Brussels abandons plans to protect gays and lesbians
22.04.08 @ 09:26
The European Commission has abandoned its plans to protect gays and lesbians against discrimination under pressure from Germany.
An anti-discrimination bill against all forms of discrimination on the grounds laid out in Article 13 of the Amsterdam Treaty had been announced as part of the commission's work programme for 2008.
However, the European executive is now retreating to the safe grounds of focussing solely on disability protection.
The commission is afraid that more conservative member states will endanger the unanimity needed by member states.
In its first public interview on the subject, the commission confirmed to the BBC Parliament channel's Europe-specialist programme, The Record: Europe what gay rights campaigners and many MEPs had feared would happen.
"The commission would still prefer to have a 'horizontal' directive that covers all the discrimination grounds in all the areas that are not covered yet," said Jan Jarab of the commission's employment department in the interview.
"Having said that, we need to be realistic, and we have signals from some member states that they would not support such a horizontal directive and this, of course, is a problem because we need unanimity in council to get the proposal through.
He then said that this "means a directive that will be specific to disability, which of course is a discrimination ground that we can justify, referring to the new international convention on disabilities."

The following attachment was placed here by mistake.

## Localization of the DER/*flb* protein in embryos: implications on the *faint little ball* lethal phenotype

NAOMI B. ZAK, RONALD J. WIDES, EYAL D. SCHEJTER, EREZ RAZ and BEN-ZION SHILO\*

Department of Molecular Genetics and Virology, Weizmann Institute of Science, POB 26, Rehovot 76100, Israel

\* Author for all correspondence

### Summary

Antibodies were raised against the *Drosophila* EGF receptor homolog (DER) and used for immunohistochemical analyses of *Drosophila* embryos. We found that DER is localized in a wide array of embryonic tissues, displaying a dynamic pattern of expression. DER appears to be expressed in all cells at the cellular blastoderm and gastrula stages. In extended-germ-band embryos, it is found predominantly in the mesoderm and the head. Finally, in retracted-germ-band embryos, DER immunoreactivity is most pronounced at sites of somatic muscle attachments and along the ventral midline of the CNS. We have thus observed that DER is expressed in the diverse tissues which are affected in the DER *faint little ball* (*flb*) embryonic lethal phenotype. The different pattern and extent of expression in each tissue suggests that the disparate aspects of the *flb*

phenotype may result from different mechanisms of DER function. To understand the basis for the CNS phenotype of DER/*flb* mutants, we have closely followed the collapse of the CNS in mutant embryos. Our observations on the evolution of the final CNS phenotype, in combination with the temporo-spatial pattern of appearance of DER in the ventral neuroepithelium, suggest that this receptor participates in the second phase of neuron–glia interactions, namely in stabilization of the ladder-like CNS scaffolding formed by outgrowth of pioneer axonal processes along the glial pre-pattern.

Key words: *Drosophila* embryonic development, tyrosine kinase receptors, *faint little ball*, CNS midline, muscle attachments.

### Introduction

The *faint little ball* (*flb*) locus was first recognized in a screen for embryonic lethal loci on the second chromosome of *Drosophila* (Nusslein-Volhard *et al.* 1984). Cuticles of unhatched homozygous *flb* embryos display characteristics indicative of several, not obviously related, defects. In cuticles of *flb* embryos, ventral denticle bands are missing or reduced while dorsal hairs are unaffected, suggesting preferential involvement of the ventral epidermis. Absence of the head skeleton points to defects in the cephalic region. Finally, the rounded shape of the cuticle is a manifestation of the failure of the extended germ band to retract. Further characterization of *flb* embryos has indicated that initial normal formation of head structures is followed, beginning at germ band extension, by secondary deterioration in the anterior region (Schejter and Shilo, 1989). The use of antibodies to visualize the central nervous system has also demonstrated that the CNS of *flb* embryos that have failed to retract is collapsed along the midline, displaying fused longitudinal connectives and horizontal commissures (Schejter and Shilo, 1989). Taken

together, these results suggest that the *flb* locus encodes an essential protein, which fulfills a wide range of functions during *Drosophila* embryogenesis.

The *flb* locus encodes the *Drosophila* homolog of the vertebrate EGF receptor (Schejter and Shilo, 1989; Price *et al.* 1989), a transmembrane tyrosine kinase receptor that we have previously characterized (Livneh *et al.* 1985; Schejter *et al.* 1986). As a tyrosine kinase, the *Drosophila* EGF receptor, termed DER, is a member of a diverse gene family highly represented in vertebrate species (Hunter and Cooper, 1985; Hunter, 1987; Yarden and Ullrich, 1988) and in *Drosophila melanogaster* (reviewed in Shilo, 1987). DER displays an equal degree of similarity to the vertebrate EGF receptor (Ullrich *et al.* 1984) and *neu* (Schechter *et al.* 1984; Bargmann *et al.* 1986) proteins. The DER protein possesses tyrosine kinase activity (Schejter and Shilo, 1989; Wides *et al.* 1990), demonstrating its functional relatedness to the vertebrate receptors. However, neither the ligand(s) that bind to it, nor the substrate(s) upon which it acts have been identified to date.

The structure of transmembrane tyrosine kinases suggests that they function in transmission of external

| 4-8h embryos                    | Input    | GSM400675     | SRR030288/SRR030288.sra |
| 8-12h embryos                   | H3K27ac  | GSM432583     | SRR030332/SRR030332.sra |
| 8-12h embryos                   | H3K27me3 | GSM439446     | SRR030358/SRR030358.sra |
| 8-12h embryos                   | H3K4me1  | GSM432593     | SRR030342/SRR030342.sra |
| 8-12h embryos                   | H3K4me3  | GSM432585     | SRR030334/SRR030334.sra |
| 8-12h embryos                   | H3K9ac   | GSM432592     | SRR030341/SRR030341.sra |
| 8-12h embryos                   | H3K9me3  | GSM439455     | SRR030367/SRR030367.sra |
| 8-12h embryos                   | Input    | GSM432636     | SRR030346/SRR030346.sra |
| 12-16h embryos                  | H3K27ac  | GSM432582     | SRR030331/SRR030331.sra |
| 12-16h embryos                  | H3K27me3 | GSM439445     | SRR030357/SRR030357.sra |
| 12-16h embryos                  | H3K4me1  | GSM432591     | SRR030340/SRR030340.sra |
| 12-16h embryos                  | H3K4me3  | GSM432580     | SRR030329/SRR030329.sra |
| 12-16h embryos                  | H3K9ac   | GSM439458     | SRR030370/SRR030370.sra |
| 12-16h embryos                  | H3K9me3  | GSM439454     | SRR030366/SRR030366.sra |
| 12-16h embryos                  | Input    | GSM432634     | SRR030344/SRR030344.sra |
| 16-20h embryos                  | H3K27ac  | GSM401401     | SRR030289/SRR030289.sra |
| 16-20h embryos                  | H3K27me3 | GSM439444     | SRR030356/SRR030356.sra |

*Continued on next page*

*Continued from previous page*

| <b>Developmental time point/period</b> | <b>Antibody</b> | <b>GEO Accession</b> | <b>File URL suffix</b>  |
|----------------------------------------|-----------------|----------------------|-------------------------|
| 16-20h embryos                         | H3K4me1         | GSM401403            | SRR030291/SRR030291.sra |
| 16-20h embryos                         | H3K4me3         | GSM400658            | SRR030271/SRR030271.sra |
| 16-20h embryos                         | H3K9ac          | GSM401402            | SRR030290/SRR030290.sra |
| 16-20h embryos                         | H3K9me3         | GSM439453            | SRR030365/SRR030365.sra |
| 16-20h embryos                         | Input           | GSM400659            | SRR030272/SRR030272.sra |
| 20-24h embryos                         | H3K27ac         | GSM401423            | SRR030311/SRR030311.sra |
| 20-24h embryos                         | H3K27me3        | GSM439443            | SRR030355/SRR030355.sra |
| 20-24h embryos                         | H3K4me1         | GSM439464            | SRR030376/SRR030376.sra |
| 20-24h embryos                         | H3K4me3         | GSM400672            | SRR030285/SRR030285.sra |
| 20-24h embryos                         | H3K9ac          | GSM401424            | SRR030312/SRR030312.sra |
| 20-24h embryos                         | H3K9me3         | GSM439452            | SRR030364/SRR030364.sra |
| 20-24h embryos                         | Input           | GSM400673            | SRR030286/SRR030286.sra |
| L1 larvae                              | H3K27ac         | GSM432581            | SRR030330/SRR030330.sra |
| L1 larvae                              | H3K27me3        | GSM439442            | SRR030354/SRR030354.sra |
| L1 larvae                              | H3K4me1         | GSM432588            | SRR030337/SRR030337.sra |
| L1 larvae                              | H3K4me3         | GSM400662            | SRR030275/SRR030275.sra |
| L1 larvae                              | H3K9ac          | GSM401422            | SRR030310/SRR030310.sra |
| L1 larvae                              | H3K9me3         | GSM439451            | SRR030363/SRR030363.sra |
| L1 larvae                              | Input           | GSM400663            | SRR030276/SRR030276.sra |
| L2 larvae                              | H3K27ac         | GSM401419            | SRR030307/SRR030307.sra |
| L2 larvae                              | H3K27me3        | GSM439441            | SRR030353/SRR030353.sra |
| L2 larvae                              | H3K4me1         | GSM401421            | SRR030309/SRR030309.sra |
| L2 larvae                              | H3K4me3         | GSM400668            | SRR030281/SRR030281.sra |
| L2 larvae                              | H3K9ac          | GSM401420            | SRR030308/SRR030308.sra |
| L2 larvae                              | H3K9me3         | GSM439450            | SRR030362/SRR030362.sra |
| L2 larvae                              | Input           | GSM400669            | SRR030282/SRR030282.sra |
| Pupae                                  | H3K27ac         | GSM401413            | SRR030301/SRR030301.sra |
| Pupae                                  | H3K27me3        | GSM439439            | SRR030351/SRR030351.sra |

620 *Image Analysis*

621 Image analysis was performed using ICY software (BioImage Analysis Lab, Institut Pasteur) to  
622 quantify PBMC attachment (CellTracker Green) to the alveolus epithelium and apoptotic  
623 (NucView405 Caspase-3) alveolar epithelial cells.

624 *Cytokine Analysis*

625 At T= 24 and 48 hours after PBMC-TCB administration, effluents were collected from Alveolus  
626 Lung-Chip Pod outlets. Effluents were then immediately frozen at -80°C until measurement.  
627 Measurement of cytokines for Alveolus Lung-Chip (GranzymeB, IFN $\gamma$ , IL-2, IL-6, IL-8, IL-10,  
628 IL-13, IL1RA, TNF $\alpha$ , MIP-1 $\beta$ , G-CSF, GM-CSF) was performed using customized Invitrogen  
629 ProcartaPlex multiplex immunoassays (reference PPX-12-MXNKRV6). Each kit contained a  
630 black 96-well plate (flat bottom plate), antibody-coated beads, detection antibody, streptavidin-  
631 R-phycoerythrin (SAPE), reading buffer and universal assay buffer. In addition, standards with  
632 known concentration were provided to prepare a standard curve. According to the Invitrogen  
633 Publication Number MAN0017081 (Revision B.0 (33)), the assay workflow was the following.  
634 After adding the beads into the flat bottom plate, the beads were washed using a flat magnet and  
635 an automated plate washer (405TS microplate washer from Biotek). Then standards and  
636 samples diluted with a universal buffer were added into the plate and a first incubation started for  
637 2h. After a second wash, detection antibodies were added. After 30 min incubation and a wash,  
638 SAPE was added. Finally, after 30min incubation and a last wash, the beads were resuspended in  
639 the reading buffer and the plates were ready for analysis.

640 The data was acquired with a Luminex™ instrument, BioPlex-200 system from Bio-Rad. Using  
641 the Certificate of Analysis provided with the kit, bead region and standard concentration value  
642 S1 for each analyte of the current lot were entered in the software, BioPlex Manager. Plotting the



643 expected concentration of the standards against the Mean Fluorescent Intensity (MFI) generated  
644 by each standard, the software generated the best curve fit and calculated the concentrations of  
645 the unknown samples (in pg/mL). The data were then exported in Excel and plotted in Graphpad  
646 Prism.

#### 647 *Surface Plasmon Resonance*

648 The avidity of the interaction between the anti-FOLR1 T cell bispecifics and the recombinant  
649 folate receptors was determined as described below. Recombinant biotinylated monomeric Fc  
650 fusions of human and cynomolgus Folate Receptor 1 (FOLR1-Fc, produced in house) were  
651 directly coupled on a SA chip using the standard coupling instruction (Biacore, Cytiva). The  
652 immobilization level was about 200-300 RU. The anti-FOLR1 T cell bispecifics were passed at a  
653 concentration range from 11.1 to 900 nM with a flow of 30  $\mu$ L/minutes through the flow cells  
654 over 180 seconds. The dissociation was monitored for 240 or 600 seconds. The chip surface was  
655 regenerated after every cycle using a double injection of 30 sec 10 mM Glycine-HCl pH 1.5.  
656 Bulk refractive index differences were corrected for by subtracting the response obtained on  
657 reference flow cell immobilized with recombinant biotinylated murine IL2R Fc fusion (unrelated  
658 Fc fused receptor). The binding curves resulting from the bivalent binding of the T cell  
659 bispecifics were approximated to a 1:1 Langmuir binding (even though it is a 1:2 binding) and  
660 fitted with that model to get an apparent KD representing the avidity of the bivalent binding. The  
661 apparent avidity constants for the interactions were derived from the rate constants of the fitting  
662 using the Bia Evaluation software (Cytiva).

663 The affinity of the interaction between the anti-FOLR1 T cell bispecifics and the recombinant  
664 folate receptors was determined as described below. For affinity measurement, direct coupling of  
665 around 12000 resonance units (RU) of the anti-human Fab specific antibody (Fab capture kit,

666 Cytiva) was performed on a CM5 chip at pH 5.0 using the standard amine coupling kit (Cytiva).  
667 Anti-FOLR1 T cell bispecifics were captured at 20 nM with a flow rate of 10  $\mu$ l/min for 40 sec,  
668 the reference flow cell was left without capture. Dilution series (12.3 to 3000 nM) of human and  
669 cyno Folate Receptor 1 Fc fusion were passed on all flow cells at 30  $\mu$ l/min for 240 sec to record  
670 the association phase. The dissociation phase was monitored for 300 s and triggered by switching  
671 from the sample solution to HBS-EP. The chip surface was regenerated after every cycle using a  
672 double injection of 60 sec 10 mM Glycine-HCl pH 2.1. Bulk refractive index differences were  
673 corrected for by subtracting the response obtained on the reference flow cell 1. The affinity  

For discrimination on the grounds of sexual orientation, age and religion, recommendations will be produced, rather than a directive.
Gay rights campaigners are furious: "This is a huge step back," Juris Lavrikous of the International Lesbian and Gay Association – Europe told the EUobserver.
"We're extremely disappointed, as we've been working on this within our network for literally years, and we don't understand why the commission is afraid of taking on member states where such a move isn't popular.
"There have been so many other proposals that haven't been popular in certain member states – certainly such as over energy issues – and still directives have gone ahead.
Mr Lavrikous said that they understand Germany to be opposed not for socially conservative reasons, but due to opposition from business groups who feel that it would be costly for employers and service providers.
"At the same time, we feel that social conservatives are hiding behind these arguments, as really, the directive would hardly cost anything."
The Czech Republic is also known to be opposed, he said, while Sweden, Finland, Spain and the UK are strongly in favour.
"We don't know why the commission isn't pushing those member states who are in favour to speak out and encourage the other member states to get on board."
In expectation of such a move from the commission, UK Liberal MEP Liz Lynne launched a petition last Thursday to call on the commission and member states to bring forward a comprehensive, inclusive anti-discrimination directive.
The European Parliament has seven times called for an anti-discrimination bill protecting Europeans against discrimination on the basis of sexual orientation, with its social affairs committee earlier this month once again issuing such a call.
Conservative MEPs however are strongly opposed, while a 'horizontal' bill covering all forms of discrimination has support from the Liberals in the parliament, the Socialists, the Greens, as well as the far left. The European Trade Union Congress has also called on the commission to act.
A fortnight ago, the European Court of Justice ruled it illegal to discriminate against gays and lesbians in the realm of pension rights in countries where there exist civil partnerships for homosexuals.